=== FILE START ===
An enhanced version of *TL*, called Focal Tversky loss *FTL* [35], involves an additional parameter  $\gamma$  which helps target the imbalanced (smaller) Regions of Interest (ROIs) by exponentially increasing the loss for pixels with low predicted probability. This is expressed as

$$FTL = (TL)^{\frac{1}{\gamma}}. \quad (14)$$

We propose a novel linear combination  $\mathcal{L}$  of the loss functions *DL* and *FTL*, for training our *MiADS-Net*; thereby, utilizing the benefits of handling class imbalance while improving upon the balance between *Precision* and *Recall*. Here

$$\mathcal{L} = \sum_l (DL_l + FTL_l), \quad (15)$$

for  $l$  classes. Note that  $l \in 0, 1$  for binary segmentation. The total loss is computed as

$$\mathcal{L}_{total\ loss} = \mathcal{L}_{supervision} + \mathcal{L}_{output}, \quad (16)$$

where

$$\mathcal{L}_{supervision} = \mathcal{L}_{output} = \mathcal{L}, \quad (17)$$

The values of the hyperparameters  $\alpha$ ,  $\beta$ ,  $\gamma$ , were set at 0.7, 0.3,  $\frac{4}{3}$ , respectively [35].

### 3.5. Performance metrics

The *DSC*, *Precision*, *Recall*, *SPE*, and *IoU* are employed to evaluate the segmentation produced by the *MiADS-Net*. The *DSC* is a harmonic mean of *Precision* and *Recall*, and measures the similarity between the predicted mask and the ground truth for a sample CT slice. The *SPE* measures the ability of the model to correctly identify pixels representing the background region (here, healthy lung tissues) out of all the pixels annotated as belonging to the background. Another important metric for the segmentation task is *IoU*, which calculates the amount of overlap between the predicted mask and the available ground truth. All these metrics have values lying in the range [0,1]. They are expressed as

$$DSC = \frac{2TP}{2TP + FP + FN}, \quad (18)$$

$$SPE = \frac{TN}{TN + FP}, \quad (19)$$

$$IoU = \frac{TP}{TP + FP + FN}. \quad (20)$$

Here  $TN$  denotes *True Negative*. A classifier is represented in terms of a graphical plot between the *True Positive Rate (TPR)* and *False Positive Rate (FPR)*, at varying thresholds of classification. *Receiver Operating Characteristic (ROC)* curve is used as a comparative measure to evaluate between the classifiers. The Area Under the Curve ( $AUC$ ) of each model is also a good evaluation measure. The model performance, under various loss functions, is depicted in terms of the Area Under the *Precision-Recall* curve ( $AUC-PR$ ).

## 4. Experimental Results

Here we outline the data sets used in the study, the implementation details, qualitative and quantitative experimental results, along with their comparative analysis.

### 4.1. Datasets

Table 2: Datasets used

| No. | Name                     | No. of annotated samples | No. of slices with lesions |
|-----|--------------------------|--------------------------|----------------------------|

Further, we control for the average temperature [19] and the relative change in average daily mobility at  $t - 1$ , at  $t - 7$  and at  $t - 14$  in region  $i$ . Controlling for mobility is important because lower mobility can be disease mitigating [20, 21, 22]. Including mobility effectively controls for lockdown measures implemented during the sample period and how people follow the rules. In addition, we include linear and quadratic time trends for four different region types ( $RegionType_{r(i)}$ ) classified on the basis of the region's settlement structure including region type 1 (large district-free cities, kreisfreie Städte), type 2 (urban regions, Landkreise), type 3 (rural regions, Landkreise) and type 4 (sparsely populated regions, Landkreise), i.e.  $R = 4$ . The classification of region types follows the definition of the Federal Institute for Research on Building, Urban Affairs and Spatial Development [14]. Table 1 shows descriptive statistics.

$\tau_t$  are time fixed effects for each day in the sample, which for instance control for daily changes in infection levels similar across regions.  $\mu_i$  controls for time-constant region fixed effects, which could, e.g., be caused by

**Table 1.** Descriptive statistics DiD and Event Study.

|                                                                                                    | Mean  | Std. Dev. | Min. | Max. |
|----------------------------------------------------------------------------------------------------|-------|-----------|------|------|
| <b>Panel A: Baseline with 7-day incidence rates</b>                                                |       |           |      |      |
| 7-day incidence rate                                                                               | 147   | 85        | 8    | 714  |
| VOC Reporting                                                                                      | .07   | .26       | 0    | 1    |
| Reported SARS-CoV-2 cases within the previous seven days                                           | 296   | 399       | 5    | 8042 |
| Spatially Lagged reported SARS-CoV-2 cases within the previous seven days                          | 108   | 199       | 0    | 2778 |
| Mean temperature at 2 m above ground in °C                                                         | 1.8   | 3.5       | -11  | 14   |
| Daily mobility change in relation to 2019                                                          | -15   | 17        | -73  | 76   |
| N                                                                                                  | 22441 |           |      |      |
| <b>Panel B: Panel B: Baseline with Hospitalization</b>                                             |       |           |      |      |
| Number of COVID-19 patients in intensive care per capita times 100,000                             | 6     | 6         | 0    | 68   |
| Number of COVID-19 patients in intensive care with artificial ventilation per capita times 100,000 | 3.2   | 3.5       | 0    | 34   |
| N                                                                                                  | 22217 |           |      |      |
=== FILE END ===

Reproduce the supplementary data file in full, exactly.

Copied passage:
An enhanced version of *TL*, called Focal Tversky loss *FTL* [35], involves an additional parameter  $\gamma$  which helps target the imbalanced (smaller) Regions of Interest (ROIs) by exponentially increasing the loss for pixels with low predicted probability. This is expressed as

$$FTL = (TL)^{\frac{1}{\gamma}}. \quad (14)$$

We propose a novel linear combination  $\mathcal{L}$  of the loss functions *DL* and *FTL*, for training our *MiADS-Net*; thereby, utilizing the benefits of handling class imbalance while improving upon the balance between *Precision* and *Recall*. Here

$$\mathcal{L} = \sum_l (DL_l + FTL_l), \quad (15)$$

for  $l$  classes. Note that  $l \in 0, 1$  for binary segmentation. The total loss is computed as

$$\mathcal{L}_{total\ loss} = \mathcal{L}_{supervision} + \mathcal{L}_{output}, \quad (16)$$

where

$$\mathcal{L}_{supervision} = \mathcal{L}_{output} = \mathcal{L}, \quad (17)$$

The values of the hyperparameters  $\alpha$ ,  $\beta$ ,  $\gamma$ , were set at 0.7, 0.3,  $\frac{4}{3}$ , respectively [35].

### 3.5. Performance metrics

The *DSC*, *Precision*, *Recall*, *SPE*, and *IoU* are employed to evaluate the segmentation produced by the *MiADS-Net*. The *DSC* is a harmonic mean of *Precision* and *Recall*, and measures the similarity between the predicted mask and the ground truth for a sample CT slice. The *SPE* measures the ability of the model to correctly identify pixels representing the background region (here, healthy lung tissues) out of all the pixels annotated as belonging to the background. Another important metric for the segmentation task is *IoU*, which calculates the amount of overlap between the predicted mask and the available ground truth. All these metrics have values lying in the range [0,1]. They are expressed as

$$DSC = \frac{2TP}{2TP + FP + FN}, \quad (18)$$

$$SPE = \frac{TN}{TN + FP}, \quad (19)$$

$$IoU = \frac{TP}{TP + FP + FN}. \quad (20)$$

Here  $TN$  denotes *True Negative*. A classifier is represented in terms of a graphical plot between the *True Positive Rate (TPR)* and *False Positive Rate (FPR)*, at varying thresholds of classification. *Receiver Operating Characteristic (ROC)* curve is used as a comparative measure to evaluate between the classifiers. The Area Under the Curve ( $AUC$ ) of each model is also a good evaluation measure. The model performance, under various loss functions, is depicted in terms of the Area Under the *Precision-Recall* curve ( $AUC-PR$ ).

## 4. Experimental Results

Here we outline the data sets used in the study, the implementation details, qualitative and quantitative experimental results, along with their comparative analysis.

### 4.1. Datasets

Table 2: Datasets used

| No. | Name                     | No. of annotated samples | No. of slices with lesions |
|-----|--------------------------|--------------------------|----------------------------|

Further, we control for the average temperature [19] and the relative change in average daily mobility at  $t - 1$ , at  $t - 7$  and at  $t - 14$  in region  $i$ . Controlling for mobility is important because lower mobility can be disease mitigating [20, 21, 22]. Including mobility effectively controls for lockdown measures implemented during the sample period and how people follow the rules. In addition, we include linear and quadratic time trends for four different region types ( $RegionType_{r(i)}$ ) classified on the basis of the region's settlement structure including region type 1 (large district-free cities, kreisfreie Städte), type 2 (urban regions, Landkreise), type 3 (rural regions, Landkreise) and type 4 (sparsely populated regions, Landkreise), i.e.  $R = 4$ . The classification of region types follows the definition of the Federal Institute for Research on Building, Urban Affairs and Spatial Development [14]. Table 1 shows descriptive statistics.

$\tau_t$  are time fixed effects for each day in the sample, which for instance control for daily changes in infection levels similar across regions.  $\mu_i$  controls for time-constant region fixed effects, which could, e.g., be caused by

**Table 1.** Descriptive statistics DiD and Event Study.

|                                                                                                    | Mean  | Std. Dev. | Min. | Max. |
|----------------------------------------------------------------------------------------------------|-------|-----------|------|------|
| <b>Panel A: Baseline with 7-day incidence rates</b>                                                |       |           |      |      |
| 7-day incidence rate                                                                               | 147   | 85        | 8    | 714  |
| VOC Reporting                                                                                      | .07   | .26       | 0    | 1    |
| Reported SARS-CoV-2 cases within the previous seven days                                           | 296   | 399       | 5    | 8042 |
| Spatially Lagged reported SARS-CoV-2 cases within the previous seven days                          | 108   | 199       | 0    | 2778 |
| Mean temperature at 2 m above ground in °C                                                         | 1.8   | 3.5       | -11  | 14   |
| Daily mobility change in relation to 2019                                                          | -15   | 17        | -73  | 76   |
| N                                                                                                  | 22441 |           |      |      |
| <b>Panel B: Panel B: Baseline with Hospitalization</b>                                             |       |           |      |      |
| Number of COVID-19 patients in intensive care per capita times 100,000                             | 6     | 6         | 0    | 68   |
| Number of COVID-19 patients in intensive care with artificial ventilation per capita times 100,000 | 3.2   | 3.5       | 0    | 34   |
| N                                                                                                  | 22217 |           |      |      |